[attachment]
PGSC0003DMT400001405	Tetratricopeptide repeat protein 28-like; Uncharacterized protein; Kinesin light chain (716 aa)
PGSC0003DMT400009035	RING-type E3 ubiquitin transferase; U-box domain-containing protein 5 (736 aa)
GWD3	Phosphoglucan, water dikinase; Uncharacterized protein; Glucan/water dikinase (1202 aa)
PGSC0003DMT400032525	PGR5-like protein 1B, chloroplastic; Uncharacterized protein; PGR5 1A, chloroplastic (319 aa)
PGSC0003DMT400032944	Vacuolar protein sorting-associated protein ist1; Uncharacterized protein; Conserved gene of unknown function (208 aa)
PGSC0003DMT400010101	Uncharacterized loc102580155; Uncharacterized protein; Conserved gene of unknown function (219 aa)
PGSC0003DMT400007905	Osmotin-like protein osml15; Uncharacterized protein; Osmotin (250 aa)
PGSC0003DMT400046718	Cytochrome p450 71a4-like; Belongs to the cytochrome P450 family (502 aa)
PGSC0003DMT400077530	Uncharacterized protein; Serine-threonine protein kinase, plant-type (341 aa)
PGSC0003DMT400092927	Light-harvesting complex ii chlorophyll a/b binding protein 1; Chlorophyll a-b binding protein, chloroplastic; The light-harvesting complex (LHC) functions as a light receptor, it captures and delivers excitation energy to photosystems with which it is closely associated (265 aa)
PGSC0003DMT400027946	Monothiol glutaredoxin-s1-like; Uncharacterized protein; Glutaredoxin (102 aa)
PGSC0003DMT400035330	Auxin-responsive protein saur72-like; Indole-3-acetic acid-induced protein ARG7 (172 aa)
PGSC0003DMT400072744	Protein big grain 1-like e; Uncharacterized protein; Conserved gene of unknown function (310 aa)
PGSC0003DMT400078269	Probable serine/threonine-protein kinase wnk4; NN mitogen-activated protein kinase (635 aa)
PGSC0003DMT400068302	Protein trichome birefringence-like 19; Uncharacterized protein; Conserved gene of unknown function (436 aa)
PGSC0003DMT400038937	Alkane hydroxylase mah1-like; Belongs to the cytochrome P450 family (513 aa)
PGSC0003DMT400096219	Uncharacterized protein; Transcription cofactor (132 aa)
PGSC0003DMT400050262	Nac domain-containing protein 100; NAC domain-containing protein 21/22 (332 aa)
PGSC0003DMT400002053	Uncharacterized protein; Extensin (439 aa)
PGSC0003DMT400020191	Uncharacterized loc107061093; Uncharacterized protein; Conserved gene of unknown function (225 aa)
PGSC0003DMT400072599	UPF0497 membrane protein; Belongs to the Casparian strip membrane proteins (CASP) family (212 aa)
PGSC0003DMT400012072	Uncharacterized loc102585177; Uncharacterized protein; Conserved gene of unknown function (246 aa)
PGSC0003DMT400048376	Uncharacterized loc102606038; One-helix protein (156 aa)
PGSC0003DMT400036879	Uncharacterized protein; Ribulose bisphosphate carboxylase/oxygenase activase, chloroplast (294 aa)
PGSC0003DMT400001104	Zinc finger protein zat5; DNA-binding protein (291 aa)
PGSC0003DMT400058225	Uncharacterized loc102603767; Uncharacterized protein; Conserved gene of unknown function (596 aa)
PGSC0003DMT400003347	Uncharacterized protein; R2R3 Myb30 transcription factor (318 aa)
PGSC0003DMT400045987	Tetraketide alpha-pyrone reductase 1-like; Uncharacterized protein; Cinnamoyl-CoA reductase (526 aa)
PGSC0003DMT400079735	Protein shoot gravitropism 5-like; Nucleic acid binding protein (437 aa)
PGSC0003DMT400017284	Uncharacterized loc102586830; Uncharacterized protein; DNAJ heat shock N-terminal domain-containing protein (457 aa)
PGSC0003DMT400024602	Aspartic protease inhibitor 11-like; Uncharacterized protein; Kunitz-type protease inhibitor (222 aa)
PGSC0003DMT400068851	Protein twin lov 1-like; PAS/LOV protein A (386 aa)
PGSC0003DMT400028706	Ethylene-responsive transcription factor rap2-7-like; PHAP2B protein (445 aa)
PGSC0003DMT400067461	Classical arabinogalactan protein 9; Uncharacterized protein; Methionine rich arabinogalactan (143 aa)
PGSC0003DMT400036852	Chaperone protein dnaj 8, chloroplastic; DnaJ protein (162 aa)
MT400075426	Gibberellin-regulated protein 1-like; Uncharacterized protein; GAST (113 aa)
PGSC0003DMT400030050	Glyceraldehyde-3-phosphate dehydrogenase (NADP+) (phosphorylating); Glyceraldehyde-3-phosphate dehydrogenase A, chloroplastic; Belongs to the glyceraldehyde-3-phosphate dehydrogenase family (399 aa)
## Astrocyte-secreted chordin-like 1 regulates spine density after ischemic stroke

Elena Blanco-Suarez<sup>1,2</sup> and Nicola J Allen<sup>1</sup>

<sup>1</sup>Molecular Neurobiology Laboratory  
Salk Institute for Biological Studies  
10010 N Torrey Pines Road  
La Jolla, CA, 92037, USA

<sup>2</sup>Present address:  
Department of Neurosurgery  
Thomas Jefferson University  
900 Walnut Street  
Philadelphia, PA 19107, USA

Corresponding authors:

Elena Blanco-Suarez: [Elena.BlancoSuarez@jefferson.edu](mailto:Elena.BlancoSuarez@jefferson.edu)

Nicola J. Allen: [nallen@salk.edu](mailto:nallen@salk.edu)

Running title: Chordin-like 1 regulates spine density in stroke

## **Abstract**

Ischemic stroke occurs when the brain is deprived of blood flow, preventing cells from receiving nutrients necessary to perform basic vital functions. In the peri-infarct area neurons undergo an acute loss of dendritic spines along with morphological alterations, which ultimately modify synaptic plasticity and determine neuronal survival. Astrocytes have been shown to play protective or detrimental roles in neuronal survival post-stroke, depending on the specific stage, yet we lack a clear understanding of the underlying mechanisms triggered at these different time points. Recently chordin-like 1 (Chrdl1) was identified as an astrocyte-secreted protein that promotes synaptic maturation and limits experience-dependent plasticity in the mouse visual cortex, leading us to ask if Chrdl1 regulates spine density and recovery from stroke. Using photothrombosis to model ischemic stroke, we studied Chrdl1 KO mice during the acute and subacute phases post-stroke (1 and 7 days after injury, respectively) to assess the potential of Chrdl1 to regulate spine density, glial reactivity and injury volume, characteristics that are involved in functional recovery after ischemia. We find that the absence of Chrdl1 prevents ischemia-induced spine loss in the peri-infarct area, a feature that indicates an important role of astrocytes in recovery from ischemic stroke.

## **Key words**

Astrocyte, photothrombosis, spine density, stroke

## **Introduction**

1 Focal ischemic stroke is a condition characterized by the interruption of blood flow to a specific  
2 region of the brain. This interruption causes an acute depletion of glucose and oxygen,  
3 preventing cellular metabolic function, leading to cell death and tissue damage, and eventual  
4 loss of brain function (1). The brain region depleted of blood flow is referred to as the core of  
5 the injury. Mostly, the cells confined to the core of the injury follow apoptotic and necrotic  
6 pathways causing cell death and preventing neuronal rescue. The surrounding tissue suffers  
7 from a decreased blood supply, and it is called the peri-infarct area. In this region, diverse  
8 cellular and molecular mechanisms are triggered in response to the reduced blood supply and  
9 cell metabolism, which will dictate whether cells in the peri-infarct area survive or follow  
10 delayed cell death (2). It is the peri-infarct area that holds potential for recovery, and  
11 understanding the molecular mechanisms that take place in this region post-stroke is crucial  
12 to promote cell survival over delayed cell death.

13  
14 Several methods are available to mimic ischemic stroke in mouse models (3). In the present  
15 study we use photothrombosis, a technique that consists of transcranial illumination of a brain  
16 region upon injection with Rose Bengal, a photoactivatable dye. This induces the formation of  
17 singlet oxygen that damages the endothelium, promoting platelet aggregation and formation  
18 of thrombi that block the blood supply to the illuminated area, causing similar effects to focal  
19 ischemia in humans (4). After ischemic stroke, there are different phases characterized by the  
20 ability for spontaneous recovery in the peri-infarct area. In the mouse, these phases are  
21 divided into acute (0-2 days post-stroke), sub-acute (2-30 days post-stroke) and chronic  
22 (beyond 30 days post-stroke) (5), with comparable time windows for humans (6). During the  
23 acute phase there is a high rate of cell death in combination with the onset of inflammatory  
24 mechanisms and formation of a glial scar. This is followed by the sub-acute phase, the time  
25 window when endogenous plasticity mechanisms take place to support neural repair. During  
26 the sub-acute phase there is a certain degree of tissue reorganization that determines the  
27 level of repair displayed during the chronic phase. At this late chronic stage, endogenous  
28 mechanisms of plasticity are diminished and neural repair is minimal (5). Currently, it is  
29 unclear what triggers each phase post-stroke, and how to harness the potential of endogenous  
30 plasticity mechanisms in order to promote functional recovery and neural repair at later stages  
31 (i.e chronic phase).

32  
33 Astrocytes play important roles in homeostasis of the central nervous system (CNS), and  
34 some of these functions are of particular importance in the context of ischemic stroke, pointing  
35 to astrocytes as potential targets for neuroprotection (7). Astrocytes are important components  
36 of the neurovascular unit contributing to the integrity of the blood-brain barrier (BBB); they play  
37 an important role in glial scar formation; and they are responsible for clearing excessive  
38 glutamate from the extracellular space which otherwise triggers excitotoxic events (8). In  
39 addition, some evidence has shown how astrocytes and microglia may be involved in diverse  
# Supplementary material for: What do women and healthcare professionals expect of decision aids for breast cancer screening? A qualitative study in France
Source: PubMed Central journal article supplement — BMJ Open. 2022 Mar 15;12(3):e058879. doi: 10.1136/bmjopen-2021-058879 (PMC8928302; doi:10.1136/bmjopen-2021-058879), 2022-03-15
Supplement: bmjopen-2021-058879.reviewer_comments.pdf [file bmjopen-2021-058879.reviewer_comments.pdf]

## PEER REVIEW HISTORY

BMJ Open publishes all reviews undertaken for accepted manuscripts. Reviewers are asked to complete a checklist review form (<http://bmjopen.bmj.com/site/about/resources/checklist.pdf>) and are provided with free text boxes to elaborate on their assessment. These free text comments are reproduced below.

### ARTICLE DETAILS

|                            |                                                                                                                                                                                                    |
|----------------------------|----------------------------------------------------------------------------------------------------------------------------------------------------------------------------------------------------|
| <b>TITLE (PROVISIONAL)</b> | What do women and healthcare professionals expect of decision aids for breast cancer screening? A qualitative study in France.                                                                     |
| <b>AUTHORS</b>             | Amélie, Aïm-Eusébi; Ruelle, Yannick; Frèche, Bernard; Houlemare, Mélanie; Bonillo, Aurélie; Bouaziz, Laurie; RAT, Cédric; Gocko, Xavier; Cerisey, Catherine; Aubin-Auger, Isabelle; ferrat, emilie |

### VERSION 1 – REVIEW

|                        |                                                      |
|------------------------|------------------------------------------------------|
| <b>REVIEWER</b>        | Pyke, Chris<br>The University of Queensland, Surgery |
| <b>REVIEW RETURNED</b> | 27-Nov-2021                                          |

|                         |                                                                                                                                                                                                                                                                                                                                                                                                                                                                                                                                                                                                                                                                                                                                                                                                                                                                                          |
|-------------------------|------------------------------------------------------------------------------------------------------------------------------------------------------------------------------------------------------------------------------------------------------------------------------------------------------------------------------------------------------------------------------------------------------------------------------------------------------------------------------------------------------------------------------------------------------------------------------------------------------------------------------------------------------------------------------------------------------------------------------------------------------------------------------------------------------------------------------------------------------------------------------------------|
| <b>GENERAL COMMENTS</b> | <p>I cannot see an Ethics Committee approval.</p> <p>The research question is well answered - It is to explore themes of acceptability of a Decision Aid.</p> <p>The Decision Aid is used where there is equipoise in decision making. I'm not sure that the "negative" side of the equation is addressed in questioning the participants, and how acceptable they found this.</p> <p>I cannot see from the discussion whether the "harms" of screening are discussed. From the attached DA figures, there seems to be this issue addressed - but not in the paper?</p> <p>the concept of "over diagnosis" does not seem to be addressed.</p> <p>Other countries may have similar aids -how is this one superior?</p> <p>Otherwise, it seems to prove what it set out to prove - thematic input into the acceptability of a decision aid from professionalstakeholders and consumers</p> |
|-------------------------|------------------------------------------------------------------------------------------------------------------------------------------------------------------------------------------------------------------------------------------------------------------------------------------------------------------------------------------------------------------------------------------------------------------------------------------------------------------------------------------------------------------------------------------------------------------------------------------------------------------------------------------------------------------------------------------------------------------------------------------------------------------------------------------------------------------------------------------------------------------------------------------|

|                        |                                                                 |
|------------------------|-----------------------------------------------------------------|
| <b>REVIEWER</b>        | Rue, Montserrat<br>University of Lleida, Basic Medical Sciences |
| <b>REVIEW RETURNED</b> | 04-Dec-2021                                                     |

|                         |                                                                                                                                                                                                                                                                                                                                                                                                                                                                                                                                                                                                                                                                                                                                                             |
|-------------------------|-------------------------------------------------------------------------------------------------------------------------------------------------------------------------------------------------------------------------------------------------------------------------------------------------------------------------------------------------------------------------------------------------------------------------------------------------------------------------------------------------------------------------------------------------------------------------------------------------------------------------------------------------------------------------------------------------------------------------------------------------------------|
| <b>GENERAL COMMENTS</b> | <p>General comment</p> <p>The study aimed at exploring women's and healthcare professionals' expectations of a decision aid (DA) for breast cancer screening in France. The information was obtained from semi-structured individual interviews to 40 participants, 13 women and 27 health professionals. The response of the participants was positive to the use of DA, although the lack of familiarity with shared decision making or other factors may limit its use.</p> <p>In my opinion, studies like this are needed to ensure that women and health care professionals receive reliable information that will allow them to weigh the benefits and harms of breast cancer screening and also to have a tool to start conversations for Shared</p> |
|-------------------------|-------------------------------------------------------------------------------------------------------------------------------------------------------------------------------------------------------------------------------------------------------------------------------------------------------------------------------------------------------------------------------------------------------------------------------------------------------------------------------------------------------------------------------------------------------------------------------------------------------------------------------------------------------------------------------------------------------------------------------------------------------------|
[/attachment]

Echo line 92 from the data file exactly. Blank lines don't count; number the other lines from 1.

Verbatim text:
35 to astrocytes as potential targets for neuroprotection (7). Astrocytes are important components  